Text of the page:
Random Forest Classifier

Sanjiv R. Das

The random forest classifier is an ensemble classifier. It is hugely popular because it is simple, fast, and produces excellent classification accuracy. We will see many examples in this notebook. An interesting application to detecting white-collar crime is reported in Clifton, Lavigne, Tseng (2017).

Kaggle's Credit Card Fraud Dataset - RF

In this notebook I'll apply a Random Forest classifier to the problem, but first we will address the severe class imbalance of the set using the SMOTE ENN over/under-sampling technique.

Data is from: https://www.kaggle.com/mlg-ulb/creditcardfraud

Quick Class counts

Mean Amount in Each class

Under/over-sample with SMOTE ENN to overcome class imbalance

While a Random Forest classifier is generally considered imbalance-agnostic, in this case the severity of the imbalance resuts in overfitting to the majority class.

The Synthetic Minority Over-sampling Technique (SMOTE) is one of the most well-known methods to cope with it and to balance the different number of examples of each class.

The basic idea is to oversample the minority class, while trying to get the most variegated samples from the majority class.

Different types of Re-sampling methods

(see http://sci2s.ugr.es/noisebor-imbalanced)

  1. SMOTE in its basic version. The implementation of SMOTE used in this paper considers 5 nearest neighbors, the HVDM metric to compute the distance between examples and balances both classes to 50%.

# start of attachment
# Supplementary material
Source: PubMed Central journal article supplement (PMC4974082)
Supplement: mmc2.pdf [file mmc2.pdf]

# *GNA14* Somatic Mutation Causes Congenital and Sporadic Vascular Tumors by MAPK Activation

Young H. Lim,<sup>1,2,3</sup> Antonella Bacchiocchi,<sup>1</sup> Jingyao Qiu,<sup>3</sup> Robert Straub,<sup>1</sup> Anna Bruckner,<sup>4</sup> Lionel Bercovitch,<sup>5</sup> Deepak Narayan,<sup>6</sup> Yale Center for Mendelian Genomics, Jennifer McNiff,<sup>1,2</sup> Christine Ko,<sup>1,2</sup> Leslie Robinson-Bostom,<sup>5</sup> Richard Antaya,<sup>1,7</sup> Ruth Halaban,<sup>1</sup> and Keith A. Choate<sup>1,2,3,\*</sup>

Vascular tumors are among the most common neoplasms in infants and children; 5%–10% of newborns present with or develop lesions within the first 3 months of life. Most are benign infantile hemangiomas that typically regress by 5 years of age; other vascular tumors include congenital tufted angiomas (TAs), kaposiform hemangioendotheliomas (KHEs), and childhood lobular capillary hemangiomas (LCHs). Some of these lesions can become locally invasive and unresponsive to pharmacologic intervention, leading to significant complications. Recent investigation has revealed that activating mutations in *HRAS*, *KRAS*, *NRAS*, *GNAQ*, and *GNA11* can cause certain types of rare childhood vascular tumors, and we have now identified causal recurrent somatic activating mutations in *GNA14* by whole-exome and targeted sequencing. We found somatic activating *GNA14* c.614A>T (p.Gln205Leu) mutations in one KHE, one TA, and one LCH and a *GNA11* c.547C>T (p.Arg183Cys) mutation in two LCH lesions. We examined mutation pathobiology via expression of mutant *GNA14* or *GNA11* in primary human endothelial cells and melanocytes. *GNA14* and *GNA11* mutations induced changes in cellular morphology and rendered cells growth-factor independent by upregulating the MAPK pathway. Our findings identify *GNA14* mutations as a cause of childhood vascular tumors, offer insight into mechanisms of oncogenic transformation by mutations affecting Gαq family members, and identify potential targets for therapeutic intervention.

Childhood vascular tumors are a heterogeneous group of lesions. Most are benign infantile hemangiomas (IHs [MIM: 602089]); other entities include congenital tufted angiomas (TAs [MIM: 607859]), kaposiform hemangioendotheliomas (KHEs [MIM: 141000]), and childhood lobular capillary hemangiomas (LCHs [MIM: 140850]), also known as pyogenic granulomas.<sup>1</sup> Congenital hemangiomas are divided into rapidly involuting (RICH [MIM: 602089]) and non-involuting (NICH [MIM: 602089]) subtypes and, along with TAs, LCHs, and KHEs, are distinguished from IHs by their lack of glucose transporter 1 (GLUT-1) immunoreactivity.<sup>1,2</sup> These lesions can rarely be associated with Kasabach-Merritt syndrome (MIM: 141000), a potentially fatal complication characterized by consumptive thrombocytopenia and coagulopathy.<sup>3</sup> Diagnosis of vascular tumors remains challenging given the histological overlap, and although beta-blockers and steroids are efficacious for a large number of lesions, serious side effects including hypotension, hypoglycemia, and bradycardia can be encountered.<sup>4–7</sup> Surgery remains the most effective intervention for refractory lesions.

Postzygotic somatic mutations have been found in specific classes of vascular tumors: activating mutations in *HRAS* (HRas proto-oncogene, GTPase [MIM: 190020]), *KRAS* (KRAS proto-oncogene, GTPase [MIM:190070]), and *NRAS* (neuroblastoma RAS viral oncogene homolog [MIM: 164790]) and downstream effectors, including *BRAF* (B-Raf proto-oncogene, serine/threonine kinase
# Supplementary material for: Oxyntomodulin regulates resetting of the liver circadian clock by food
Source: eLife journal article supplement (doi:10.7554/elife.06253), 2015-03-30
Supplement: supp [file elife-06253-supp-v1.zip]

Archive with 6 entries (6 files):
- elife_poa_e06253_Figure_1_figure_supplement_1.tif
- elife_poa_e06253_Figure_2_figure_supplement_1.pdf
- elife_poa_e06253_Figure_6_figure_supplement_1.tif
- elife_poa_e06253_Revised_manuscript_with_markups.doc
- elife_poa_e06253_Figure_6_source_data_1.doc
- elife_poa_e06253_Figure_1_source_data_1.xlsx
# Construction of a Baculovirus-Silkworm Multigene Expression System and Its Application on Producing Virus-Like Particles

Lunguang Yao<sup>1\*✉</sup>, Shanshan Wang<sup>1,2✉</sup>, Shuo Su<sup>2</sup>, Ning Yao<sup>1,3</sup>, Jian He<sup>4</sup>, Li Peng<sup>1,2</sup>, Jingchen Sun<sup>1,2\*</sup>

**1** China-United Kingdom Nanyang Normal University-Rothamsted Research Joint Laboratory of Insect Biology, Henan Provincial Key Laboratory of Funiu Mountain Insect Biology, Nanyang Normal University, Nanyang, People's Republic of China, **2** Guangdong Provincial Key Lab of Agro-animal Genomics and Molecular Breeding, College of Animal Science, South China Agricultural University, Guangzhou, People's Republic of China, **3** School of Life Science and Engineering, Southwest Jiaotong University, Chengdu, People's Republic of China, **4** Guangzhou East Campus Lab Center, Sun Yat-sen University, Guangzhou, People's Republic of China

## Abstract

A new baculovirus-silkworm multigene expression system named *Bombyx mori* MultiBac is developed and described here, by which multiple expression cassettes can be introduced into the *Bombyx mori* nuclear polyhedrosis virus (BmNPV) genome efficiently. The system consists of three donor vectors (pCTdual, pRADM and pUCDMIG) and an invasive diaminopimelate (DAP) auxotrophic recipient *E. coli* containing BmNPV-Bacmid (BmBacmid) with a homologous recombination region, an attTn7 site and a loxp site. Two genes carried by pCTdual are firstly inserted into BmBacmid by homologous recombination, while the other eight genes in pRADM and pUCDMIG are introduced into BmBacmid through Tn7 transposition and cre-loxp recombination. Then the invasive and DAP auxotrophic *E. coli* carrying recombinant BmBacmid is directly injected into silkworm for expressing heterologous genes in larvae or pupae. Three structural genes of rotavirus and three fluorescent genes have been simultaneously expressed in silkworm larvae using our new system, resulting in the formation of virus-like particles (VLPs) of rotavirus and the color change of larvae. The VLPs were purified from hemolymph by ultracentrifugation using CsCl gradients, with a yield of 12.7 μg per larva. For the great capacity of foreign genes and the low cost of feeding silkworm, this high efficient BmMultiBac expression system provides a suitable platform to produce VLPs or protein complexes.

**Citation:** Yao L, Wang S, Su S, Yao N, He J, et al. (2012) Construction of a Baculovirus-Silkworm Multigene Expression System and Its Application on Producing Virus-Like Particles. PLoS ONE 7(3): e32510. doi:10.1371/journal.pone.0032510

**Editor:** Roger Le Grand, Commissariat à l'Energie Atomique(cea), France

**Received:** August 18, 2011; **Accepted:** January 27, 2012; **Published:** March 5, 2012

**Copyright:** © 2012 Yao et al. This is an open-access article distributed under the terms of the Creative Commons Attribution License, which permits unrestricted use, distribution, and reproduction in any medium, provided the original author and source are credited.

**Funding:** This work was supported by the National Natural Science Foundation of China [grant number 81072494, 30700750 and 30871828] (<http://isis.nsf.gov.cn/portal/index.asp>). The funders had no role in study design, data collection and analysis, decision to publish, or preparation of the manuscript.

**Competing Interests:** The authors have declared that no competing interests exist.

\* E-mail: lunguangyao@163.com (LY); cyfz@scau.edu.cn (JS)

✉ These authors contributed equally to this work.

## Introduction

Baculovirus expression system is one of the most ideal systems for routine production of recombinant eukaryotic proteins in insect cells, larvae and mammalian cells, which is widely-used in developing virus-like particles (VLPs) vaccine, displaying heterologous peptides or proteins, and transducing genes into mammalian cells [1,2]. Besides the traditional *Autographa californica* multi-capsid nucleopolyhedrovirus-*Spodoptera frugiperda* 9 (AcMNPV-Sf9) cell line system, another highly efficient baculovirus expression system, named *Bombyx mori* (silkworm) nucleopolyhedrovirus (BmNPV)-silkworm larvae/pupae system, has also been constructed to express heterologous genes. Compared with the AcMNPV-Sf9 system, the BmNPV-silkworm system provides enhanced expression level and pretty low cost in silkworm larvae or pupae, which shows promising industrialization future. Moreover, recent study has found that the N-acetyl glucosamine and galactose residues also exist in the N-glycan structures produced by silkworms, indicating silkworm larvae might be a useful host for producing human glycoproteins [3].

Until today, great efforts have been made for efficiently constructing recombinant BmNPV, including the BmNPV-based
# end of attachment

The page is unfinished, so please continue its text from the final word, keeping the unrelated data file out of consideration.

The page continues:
2. SMOTE + Tomek Links. This method uses tomek links (TL) to remove examples after applying SMOTE, which are considered being noisy or lying in the decision border. A tomek link is defined as a pair of examples $x$ and $y$ from different classes, that there exists no example $z$ such that $d(x,z)$ is lower than $d(x,y)$ or $d(y,z)$ is lower than $d(x,y)$, where $d$ is the distance metric.
  3. SMOTE-ENN. ENN tends to remove more examples than the TL does, so it is expected that it will provide a more in depth data cleaning. ENN is used to remove examples from both classes. Thus, any example that is misclassified by its three nearest neighbors is removed from the training set.
  1. SL-SMOTE. This method assigns each positive example its so called safe level before generating synthetic examples. The safe level of one example is defined as the number of positive instances among its k nearest neighbors. Each synthetic example is positioned closer to the example with the largest safe level so all synthetic examples are generated only in safe regions.
  2. Borderline-SMOTE. This method only oversamples or strengthens the borderline minority examples. First, it finds out the borderline minority examples P, defined as the examples of the minority class with more than half, but not all, of their m nearest neighbors belonging to the majority class. Finally, for each of those examples, we calculate its k nearest neighbors from P (for the algorithm version B1-SMOTE) or from all the training data, also with majority examples (for the algorithm version B2-SMOTE) and operate similarly to SMOTE. Then, synthetic examples are generated from them and added to the original training set.

How does SMOTE work?


Train & Predict

Evaluate predictions

While the standard accuracy metric makes our predictions look near-perfect, we should bear in mind that the class imbalance of the set skews this metric.


SciKitLearn's classification report gives us a more complete picture.

ROC Curve & AUC

We'll plot the false positive rate (x-axis) against recall (true positive rate, y-axis) and compute the area under this curve for a better metric.

Confusion Matrix

Another valuable way to visulize our predictions is to plot them in a confusion matrix, which shows us the frequency of correct & incorrect predictions.

Logistic Regression Reprise (after oversampling)

We now try the same classification with a Logit model, which is the baseline model we always try.